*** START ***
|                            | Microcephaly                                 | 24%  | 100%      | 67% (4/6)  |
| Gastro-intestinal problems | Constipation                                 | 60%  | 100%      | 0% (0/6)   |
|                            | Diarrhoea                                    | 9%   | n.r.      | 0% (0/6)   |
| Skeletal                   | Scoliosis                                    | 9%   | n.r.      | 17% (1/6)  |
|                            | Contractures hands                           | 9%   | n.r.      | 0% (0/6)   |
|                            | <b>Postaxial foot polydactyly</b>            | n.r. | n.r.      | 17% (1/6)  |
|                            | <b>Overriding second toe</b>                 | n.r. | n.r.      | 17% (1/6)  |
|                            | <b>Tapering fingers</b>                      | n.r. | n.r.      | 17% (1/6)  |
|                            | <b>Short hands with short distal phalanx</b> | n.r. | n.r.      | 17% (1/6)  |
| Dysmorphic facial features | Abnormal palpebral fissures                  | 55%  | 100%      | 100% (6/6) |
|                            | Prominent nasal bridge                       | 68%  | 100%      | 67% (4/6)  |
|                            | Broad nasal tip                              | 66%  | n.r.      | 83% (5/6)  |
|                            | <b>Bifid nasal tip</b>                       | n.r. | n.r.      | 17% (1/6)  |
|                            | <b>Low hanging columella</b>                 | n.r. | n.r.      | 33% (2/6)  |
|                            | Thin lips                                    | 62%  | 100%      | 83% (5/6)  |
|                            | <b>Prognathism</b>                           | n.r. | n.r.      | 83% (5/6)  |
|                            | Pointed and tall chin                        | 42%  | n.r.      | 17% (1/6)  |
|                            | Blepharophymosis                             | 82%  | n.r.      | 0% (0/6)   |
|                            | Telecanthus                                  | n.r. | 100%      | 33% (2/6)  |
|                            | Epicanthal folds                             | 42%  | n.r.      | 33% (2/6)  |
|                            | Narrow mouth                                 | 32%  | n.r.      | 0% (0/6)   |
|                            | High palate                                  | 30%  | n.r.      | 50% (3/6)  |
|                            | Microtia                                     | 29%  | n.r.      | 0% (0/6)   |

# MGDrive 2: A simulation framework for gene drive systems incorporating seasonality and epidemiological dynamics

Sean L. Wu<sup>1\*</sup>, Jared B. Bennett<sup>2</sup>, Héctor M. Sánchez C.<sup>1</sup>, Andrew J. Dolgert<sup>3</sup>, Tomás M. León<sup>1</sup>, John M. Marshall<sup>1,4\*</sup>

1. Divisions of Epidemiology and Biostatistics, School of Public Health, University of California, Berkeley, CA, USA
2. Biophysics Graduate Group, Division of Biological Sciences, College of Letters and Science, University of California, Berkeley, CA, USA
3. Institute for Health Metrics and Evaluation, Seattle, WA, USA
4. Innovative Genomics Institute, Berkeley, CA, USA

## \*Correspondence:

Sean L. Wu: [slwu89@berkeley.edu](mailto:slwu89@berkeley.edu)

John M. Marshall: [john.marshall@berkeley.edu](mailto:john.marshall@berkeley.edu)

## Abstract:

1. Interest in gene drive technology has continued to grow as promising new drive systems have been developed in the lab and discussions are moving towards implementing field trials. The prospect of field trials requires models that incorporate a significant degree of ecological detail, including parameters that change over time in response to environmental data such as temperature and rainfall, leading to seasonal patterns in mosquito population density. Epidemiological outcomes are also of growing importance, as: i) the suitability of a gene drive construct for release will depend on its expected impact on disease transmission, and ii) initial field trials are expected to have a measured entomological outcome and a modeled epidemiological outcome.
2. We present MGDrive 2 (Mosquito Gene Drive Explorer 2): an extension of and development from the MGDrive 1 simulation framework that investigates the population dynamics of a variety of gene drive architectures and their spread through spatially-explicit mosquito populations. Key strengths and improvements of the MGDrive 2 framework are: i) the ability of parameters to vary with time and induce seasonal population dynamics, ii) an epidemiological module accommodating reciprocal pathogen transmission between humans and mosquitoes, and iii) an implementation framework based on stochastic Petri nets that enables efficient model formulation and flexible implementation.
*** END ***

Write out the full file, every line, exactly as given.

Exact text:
|                            | Microcephaly                                 | 24%  | 100%      | 67% (4/6)  |
| Gastro-intestinal problems | Constipation                                 | 60%  | 100%      | 0% (0/6)   |
|                            | Diarrhoea                                    | 9%   | n.r.      | 0% (0/6)   |
| Skeletal                   | Scoliosis                                    | 9%   | n.r.      | 17% (1/6)  |
|                            | Contractures hands                           | 9%   | n.r.      | 0% (0/6)   |
|                            | <b>Postaxial foot polydactyly</b>            | n.r. | n.r.      | 17% (1/6)  |
|                            | <b>Overriding second toe</b>                 | n.r. | n.r.      | 17% (1/6)  |
|                            | <b>Tapering fingers</b>                      | n.r. | n.r.      | 17% (1/6)  |
|                            | <b>Short hands with short distal phalanx</b> | n.r. | n.r.      | 17% (1/6)  |
| Dysmorphic facial features | Abnormal palpebral fissures                  | 55%  | 100%      | 100% (6/6) |
|                            | Prominent nasal bridge                       | 68%  | 100%      | 67% (4/6)  |
|                            | Broad nasal tip                              | 66%  | n.r.      | 83% (5/6)  |
|                            | <b>Bifid nasal tip</b>                       | n.r. | n.r.      | 17% (1/6)  |
|                            | <b>Low hanging columella</b>                 | n.r. | n.r.      | 33% (2/6)  |
|                            | Thin lips                                    | 62%  | 100%      | 83% (5/6)  |
|                            | <b>Prognathism</b>                           | n.r. | n.r.      | 83% (5/6)  |
|                            | Pointed and tall chin                        | 42%  | n.r.      | 17% (1/6)  |
|                            | Blepharophymosis                             | 82%  | n.r.      | 0% (0/6)   |
|                            | Telecanthus                                  | n.r. | 100%      | 33% (2/6)  |
|                            | Epicanthal folds                             | 42%  | n.r.      | 33% (2/6)  |
|                            | Narrow mouth                                 | 32%  | n.r.      | 0% (0/6)   |
|                            | High palate                                  | 30%  | n.r.      | 50% (3/6)  |
|                            | Microtia                                     | 29%  | n.r.      | 0% (0/6)   |

# MGDrive 2: A simulation framework for gene drive systems incorporating seasonality and epidemiological dynamics

Sean L. Wu<sup>1\*</sup>, Jared B. Bennett<sup>2</sup>, Héctor M. Sánchez C.<sup>1</sup>, Andrew J. Dolgert<sup>3</sup>, Tomás M. León<sup>1</sup>, John M. Marshall<sup>1,4\*</sup>

1. Divisions of Epidemiology and Biostatistics, School of Public Health, University of California, Berkeley, CA, USA
2. Biophysics Graduate Group, Division of Biological Sciences, College of Letters and Science, University of California, Berkeley, CA, USA
3. Institute for Health Metrics and Evaluation, Seattle, WA, USA
4. Innovative Genomics Institute, Berkeley, CA, USA

## \*Correspondence:

Sean L. Wu: [slwu89@berkeley.edu](mailto:slwu89@berkeley.edu)

John M. Marshall: [john.marshall@berkeley.edu](mailto:john.marshall@berkeley.edu)

## Abstract:

1. Interest in gene drive technology has continued to grow as promising new drive systems have been developed in the lab and discussions are moving towards implementing field trials. The prospect of field trials requires models that incorporate a significant degree of ecological detail, including parameters that change over time in response to environmental data such as temperature and rainfall, leading to seasonal patterns in mosquito population density. Epidemiological outcomes are also of growing importance, as: i) the suitability of a gene drive construct for release will depend on its expected impact on disease transmission, and ii) initial field trials are expected to have a measured entomological outcome and a modeled epidemiological outcome.
2. We present MGDrive 2 (Mosquito Gene Drive Explorer 2): an extension of and development from the MGDrive 1 simulation framework that investigates the population dynamics of a variety of gene drive architectures and their spread through spatially-explicit mosquito populations. Key strengths and improvements of the MGDrive 2 framework are: i) the ability of parameters to vary with time and induce seasonal population dynamics, ii) an epidemiological module accommodating reciprocal pathogen transmission between humans and mosquitoes, and iii) an implementation framework based on stochastic Petri nets that enables efficient model formulation and flexible implementation.